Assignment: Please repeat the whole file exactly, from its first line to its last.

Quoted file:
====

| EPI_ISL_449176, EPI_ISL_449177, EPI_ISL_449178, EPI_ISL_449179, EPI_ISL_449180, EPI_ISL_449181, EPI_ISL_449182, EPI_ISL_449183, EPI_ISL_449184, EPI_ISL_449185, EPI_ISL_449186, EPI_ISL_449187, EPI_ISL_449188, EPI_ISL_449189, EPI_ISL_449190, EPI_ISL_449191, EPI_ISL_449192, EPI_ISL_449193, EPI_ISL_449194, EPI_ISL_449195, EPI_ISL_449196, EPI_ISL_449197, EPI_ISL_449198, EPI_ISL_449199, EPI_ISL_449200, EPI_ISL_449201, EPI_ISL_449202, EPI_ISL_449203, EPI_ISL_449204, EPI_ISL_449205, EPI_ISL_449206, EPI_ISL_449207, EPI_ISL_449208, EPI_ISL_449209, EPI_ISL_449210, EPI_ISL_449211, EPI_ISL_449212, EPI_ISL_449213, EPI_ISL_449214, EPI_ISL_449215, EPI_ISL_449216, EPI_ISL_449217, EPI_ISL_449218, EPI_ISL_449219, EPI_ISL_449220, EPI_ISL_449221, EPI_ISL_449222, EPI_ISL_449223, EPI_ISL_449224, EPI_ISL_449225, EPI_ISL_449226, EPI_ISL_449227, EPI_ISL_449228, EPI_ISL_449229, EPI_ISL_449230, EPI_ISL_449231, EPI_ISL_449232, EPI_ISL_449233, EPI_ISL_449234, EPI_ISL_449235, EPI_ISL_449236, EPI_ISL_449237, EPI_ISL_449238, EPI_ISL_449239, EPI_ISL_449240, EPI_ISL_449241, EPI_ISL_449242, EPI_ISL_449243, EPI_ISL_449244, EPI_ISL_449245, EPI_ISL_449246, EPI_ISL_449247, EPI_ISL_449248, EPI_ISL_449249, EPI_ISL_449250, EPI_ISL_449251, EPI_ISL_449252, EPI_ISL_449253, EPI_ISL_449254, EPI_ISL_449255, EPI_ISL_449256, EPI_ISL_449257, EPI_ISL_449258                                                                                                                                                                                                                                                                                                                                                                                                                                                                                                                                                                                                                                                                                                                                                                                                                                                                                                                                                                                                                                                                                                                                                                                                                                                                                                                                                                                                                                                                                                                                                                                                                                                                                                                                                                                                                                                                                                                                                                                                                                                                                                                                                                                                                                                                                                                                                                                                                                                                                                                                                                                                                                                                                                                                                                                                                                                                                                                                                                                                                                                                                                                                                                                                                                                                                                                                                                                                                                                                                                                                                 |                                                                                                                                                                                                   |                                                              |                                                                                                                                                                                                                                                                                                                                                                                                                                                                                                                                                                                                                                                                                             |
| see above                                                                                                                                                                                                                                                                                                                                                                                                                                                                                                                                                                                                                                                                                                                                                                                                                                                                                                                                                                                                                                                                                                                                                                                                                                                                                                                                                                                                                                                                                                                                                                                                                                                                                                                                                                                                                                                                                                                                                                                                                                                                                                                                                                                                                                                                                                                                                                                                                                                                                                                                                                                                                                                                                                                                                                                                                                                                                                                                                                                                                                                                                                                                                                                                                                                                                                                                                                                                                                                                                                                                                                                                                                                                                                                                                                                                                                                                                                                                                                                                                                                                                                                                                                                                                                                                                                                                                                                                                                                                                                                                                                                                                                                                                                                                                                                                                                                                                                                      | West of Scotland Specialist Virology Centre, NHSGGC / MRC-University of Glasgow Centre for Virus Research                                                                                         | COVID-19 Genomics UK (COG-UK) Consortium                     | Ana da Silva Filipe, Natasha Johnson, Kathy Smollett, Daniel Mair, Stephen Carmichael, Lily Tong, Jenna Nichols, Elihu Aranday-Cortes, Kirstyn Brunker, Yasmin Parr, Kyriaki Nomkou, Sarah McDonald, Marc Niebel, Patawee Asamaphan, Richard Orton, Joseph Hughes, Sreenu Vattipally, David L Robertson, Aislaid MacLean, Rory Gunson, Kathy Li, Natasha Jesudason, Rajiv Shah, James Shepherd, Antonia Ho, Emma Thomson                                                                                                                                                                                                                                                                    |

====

| EPI_ISL_449176, EPI_ISL_449177, EPI_ISL_449178, EPI_ISL_449179, EPI_ISL_449180, EPI_ISL_449181, EPI_ISL_449182, EPI_ISL_449183, EPI_ISL_449184, EPI_ISL_449185, EPI_ISL_449186, EPI_ISL_449187, EPI_ISL_449188, EPI_ISL_449189, EPI_ISL_449190, EPI_ISL_449191, EPI_ISL_449192, EPI_ISL_449193, EPI_ISL_449194, EPI_ISL_449195, EPI_ISL_449196, EPI_ISL_449197, EPI_ISL_449198, EPI_ISL_449199, EPI_ISL_449200, EPI_ISL_449201, EPI_ISL_449202, EPI_ISL_449203, EPI_ISL_449204, EPI_ISL_449205, EPI_ISL_449206, EPI_ISL_449207, EPI_ISL_449208, EPI_ISL_449209, EPI_ISL_449210, EPI_ISL_449211, EPI_ISL_449212, EPI_ISL_449213, EPI_ISL_449214, EPI_ISL_449215, EPI_ISL_449216, EPI_ISL_449217, EPI_ISL_449218, EPI_ISL_449219, EPI_ISL_449220, EPI_ISL_449221, EPI_ISL_449222, EPI_ISL_449223, EPI_ISL_449224, EPI_ISL_449225, EPI_ISL_449226, EPI_ISL_449227, EPI_ISL_449228, EPI_ISL_449229, EPI_ISL_449230, EPI_ISL_449231, EPI_ISL_449232, EPI_ISL_449233, EPI_ISL_449234, EPI_ISL_449235, EPI_ISL_449236, EPI_ISL_449237, EPI_ISL_449238, EPI_ISL_449239, EPI_ISL_449240, EPI_ISL_449241, EPI_ISL_449242, EPI_ISL_449243, EPI_ISL_449244, EPI_ISL_449245, EPI_ISL_449246, EPI_ISL_449247, EPI_ISL_449248, EPI_ISL_449249, EPI_ISL_449250, EPI_ISL_449251, EPI_ISL_449252, EPI_ISL_449253, EPI_ISL_449254, EPI_ISL_449255, EPI_ISL_449256, EPI_ISL_449257, EPI_ISL_449258                                                                                                                                                                                                                                                                                                                                                                                                                                                                                                                                                                                                                                                                                                                                                                                                                                                                                                                                                                                                                                                                                                                                                                                                                                                                                                                                                                                                                                                                                                                                                                                                                                                                                                                                                                                                                                                                                                                                                                                                                                                                                                                                                                                                                                                                                                                                                                                                                                                                                                                                                                                                                                                                                                                                                                                                                                                                                                                                                                                                                                                                                                                                                                                                                                                                                                                                                                                                                                                                                                                                                 |                                                                                                                                                                                                   |                                                              |                                                                                                                                                                                                                                                                                                                                                                                                                                                                                                                                                                                                                                                                                             |
| see above                                                                                                                                                                                                                                                                                                                                                                                                                                                                                                                                                                                                                                                                                                                                                                                                                                                                                                                                                                                                                                                                                                                                                                                                                                                                                                                                                                                                                                                                                                                                                                                                                                                                                                                                                                                                                                                                                                                                                                                                                                                                                                                                                                                                                                                                                                                                                                                                                                                                                                                                                                                                                                                                                                                                                                                                                                                                                                                                                                                                                                                                                                                                                                                                                                                                                                                                                                                                                                                                                                                                                                                                                                                                                                                                                                                                                                                                                                                                                                                                                                                                                                                                                                                                                                                                                                                                                                                                                                                                                                                                                                                                                                                                                                                                                                                                                                                                                                                      | West of Scotland Specialist Virology Centre, NHSGGC / MRC-University of Glasgow Centre for Virus Research                                                                                         | COVID-19 Genomics UK (COG-UK) Consortium                     | Ana da Silva Filipe, Natasha Johnson, Kathy Smollett, Daniel Mair, Stephen Carmichael, Lily Tong, Jenna Nichols, Elihu Aranday-Cortes, Kirstyn Brunker, Yasmin Parr, Kyriaki Nomkou, Sarah McDonald, Marc Niebel, Patawee Asamaphan, Richard Orton, Joseph Hughes, Sreenu Vattipally, David L Robertson, Aislaid MacLean, Rory Gunson, Kathy Li, Natasha Jesudason, Rajiv Shah, James Shepherd, Antonia Ho, Emma Thomson                                                                                                                                                                                                                                                                    |